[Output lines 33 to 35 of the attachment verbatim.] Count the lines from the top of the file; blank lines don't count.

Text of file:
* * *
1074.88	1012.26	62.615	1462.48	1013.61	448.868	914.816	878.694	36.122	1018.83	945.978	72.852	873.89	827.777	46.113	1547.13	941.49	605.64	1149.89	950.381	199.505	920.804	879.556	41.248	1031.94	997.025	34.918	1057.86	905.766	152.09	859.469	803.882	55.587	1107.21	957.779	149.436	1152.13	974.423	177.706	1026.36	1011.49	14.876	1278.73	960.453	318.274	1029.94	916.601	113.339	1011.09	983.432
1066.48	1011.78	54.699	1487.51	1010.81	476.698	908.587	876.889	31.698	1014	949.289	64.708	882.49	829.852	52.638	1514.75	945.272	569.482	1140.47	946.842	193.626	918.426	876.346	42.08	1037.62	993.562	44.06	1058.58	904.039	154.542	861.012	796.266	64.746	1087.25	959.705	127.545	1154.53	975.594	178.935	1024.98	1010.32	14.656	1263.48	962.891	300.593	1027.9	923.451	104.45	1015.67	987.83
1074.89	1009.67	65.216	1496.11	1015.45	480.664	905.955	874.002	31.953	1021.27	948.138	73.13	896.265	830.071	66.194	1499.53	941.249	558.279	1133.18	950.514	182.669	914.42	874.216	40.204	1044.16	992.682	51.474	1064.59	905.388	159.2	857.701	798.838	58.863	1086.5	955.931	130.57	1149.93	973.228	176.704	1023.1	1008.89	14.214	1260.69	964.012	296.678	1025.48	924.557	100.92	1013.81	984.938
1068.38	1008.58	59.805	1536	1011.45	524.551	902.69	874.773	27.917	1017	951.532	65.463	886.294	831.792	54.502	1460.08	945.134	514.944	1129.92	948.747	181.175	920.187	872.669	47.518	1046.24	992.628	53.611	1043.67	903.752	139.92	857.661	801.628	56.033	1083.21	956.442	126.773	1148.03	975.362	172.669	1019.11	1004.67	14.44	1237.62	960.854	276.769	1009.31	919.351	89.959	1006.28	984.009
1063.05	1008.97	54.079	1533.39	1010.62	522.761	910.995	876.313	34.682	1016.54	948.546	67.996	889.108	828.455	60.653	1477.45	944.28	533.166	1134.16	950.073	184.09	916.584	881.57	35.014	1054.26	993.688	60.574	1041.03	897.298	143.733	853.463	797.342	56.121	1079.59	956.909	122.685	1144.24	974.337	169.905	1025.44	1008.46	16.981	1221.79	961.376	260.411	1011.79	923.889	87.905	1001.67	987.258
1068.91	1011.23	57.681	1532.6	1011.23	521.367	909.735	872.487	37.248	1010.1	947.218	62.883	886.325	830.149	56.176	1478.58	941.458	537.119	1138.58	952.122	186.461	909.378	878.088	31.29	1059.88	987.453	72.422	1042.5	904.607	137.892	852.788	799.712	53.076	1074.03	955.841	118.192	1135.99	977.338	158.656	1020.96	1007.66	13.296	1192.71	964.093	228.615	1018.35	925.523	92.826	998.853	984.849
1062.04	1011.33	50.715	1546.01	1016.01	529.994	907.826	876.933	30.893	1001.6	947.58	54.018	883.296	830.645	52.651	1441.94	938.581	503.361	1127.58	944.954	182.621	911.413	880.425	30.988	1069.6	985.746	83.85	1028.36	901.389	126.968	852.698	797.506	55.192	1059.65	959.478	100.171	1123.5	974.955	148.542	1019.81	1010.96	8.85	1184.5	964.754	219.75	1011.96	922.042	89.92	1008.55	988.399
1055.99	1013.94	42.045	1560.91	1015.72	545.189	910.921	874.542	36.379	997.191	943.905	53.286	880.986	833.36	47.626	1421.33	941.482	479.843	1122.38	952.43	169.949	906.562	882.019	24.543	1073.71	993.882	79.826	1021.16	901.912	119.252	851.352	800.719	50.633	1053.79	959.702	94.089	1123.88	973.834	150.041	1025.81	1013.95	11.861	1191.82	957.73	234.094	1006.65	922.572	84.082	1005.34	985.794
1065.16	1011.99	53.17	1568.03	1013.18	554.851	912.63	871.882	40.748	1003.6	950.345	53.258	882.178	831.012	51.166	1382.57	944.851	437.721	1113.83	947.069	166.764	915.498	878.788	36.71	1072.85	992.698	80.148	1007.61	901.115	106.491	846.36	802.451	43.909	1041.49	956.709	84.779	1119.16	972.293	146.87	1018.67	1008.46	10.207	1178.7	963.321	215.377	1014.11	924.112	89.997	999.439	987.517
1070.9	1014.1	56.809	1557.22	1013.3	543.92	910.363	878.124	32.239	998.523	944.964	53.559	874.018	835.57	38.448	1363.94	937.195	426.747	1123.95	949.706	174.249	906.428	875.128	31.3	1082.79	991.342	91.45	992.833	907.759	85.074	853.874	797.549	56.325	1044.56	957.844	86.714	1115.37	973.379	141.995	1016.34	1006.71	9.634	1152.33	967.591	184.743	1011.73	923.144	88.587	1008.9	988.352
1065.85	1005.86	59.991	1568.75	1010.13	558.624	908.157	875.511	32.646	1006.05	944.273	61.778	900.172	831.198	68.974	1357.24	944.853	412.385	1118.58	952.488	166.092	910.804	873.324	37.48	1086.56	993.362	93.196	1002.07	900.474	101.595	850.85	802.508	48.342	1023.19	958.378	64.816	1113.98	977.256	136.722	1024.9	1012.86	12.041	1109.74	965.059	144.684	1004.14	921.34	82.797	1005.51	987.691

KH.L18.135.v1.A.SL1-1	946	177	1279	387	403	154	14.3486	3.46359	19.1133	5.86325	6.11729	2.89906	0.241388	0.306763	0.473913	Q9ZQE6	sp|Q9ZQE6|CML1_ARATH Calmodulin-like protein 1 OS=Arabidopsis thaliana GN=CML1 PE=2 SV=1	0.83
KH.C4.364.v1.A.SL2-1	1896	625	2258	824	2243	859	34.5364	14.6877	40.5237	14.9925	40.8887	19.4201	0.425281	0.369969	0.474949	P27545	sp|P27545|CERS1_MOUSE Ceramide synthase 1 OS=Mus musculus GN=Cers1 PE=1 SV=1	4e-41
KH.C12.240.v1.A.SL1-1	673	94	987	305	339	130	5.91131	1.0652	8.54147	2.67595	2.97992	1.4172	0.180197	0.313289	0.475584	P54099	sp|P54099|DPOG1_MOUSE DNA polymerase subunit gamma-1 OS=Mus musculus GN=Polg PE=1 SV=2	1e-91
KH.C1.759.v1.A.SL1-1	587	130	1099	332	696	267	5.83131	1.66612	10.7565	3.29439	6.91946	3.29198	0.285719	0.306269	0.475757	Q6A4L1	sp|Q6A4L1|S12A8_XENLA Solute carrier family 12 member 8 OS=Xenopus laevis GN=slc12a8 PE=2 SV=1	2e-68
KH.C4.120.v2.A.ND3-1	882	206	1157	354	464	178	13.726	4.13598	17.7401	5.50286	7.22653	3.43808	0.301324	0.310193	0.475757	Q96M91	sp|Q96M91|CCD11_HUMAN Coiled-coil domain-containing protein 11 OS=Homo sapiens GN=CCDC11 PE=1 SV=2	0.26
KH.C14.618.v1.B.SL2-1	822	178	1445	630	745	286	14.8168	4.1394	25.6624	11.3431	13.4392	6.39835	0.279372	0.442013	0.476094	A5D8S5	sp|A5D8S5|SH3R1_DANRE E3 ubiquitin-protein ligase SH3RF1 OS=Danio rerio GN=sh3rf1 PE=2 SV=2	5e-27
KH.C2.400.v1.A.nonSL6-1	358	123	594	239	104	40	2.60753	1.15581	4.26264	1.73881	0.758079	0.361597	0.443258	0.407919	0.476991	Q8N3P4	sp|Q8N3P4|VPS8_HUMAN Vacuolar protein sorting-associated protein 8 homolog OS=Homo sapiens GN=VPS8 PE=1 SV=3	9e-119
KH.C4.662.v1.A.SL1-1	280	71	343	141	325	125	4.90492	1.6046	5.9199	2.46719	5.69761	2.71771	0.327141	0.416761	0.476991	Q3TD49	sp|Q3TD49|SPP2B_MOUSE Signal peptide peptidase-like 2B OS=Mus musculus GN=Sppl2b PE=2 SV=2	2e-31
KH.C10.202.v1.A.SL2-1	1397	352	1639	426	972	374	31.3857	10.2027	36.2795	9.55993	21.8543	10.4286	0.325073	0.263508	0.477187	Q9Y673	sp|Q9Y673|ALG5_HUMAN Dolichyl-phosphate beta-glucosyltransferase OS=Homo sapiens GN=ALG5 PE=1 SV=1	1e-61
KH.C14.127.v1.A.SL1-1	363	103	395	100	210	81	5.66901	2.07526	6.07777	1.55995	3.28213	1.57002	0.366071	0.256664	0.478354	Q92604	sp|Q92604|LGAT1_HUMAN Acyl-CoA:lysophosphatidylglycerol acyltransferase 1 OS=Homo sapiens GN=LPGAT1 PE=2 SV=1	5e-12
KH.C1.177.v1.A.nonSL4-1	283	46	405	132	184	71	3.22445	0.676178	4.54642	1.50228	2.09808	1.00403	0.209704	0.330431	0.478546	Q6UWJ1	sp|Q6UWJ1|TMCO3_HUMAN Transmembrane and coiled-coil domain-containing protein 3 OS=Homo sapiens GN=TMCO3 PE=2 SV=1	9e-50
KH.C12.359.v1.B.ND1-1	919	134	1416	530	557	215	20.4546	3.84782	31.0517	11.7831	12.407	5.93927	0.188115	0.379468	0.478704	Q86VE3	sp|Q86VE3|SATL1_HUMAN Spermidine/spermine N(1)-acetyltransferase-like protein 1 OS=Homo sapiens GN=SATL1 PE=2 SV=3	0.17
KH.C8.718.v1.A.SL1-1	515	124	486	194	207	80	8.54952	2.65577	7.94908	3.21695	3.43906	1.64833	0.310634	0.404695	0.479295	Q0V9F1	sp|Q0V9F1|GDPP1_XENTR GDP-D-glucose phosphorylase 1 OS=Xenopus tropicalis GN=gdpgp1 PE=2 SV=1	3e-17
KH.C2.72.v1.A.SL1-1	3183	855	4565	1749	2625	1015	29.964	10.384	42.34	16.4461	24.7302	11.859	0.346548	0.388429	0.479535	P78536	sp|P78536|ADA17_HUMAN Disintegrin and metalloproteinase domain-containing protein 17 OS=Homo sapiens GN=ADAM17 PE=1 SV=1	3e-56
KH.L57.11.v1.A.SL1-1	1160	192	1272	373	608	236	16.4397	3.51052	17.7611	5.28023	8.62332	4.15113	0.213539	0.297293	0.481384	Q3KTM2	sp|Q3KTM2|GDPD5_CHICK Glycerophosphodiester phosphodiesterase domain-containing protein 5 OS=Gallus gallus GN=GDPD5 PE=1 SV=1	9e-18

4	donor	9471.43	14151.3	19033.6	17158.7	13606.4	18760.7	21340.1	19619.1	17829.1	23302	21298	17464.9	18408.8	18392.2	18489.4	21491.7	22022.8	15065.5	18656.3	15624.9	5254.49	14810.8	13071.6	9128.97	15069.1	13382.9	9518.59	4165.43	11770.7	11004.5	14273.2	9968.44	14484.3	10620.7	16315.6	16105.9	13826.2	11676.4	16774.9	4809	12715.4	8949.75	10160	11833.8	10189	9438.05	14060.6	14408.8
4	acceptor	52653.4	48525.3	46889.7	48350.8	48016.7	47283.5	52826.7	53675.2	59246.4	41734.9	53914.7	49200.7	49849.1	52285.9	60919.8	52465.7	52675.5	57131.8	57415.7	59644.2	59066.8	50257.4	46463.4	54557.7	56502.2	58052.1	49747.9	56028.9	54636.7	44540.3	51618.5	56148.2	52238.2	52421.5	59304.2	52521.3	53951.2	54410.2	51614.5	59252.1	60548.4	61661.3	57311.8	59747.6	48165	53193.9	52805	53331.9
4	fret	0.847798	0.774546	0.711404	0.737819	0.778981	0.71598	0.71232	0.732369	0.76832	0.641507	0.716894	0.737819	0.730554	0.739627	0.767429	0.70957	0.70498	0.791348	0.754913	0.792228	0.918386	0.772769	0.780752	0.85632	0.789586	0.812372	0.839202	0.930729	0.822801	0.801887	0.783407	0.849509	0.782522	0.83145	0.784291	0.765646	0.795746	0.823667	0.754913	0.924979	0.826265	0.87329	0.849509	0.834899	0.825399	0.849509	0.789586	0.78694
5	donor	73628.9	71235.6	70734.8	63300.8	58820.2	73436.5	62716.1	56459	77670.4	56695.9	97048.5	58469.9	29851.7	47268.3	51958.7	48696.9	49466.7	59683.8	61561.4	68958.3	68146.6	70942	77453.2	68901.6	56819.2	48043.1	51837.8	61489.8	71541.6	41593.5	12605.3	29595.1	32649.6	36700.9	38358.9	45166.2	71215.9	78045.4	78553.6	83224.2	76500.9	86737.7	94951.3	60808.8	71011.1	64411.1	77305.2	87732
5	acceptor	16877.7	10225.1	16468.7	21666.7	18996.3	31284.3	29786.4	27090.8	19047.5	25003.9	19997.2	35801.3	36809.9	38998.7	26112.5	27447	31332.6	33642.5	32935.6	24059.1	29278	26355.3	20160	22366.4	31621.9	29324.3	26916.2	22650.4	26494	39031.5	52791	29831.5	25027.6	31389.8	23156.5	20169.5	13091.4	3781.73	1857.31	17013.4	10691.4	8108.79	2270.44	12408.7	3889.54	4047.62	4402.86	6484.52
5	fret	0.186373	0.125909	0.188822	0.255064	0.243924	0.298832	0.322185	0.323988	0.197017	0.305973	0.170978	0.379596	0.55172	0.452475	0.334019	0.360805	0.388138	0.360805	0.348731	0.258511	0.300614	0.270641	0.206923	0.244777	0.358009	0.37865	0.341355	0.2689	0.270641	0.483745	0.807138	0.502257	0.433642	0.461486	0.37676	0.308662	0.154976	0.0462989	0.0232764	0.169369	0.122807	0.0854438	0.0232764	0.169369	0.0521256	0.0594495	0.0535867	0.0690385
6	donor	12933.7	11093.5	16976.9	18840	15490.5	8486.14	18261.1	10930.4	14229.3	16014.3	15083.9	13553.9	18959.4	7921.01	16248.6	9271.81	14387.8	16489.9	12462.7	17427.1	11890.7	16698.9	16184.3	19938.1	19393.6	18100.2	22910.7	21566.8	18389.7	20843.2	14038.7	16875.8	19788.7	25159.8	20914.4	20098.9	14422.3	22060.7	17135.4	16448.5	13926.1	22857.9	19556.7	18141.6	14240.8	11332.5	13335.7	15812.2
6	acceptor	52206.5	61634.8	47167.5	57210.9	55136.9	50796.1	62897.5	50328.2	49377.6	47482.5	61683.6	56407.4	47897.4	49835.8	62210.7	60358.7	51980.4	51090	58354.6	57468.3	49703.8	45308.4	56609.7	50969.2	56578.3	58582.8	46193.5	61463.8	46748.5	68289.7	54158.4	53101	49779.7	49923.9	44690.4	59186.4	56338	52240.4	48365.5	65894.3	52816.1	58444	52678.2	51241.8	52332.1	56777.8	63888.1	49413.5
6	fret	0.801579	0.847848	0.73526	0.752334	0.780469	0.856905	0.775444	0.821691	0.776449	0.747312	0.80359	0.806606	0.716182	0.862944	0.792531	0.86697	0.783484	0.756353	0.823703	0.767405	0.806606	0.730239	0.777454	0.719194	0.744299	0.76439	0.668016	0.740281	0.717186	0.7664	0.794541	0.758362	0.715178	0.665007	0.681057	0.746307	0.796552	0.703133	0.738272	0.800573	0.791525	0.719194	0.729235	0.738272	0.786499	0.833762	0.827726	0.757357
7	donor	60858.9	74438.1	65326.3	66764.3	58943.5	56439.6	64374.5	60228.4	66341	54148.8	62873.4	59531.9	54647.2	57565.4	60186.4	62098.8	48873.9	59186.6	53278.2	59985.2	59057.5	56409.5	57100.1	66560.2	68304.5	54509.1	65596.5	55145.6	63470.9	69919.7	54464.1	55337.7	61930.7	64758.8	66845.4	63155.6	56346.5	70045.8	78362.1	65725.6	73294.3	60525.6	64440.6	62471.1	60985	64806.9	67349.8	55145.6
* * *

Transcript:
6	donor	12933.7	11093.5	16976.9	18840	15490.5	8486.14	18261.1	10930.4	14229.3	16014.3	15083.9	13553.9	18959.4	7921.01	16248.6	9271.81	14387.8	16489.9	12462.7	17427.1	11890.7	16698.9	16184.3	19938.1	19393.6	18100.2	22910.7	21566.8	18389.7	20843.2	14038.7	16875.8	19788.7	25159.8	20914.4	20098.9	14422.3	22060.7	17135.4	16448.5	13926.1	22857.9	19556.7	18141.6	14240.8	11332.5	13335.7	15812.2
6	acceptor	52206.5	61634.8	47167.5	57210.9	55136.9	50796.1	62897.5	50328.2	49377.6	47482.5	61683.6	56407.4	47897.4	49835.8	62210.7	60358.7	51980.4	51090	58354.6	57468.3	49703.8	45308.4	56609.7	50969.2	56578.3	58582.8	46193.5	61463.8	46748.5	68289.7	54158.4	53101	49779.7	49923.9	44690.4	59186.4	56338	52240.4	48365.5	65894.3	52816.1	58444	52678.2	51241.8	52332.1	56777.8	63888.1	49413.5
6	fret	0.801579	0.847848	0.73526	0.752334	0.780469	0.856905	0.775444	0.821691	0.776449	0.747312	0.80359	0.806606	0.716182	0.862944	0.792531	0.86697	0.783484	0.756353	0.823703	0.767405	0.806606	0.730239	0.777454	0.719194	0.744299	0.76439	0.668016	0.740281	0.717186	0.7664	0.794541	0.758362	0.715178	0.665007	0.681057	0.746307	0.796552	0.703133	0.738272	0.800573	0.791525	0.719194	0.729235	0.738272	0.786499	0.833762	0.827726	0.757357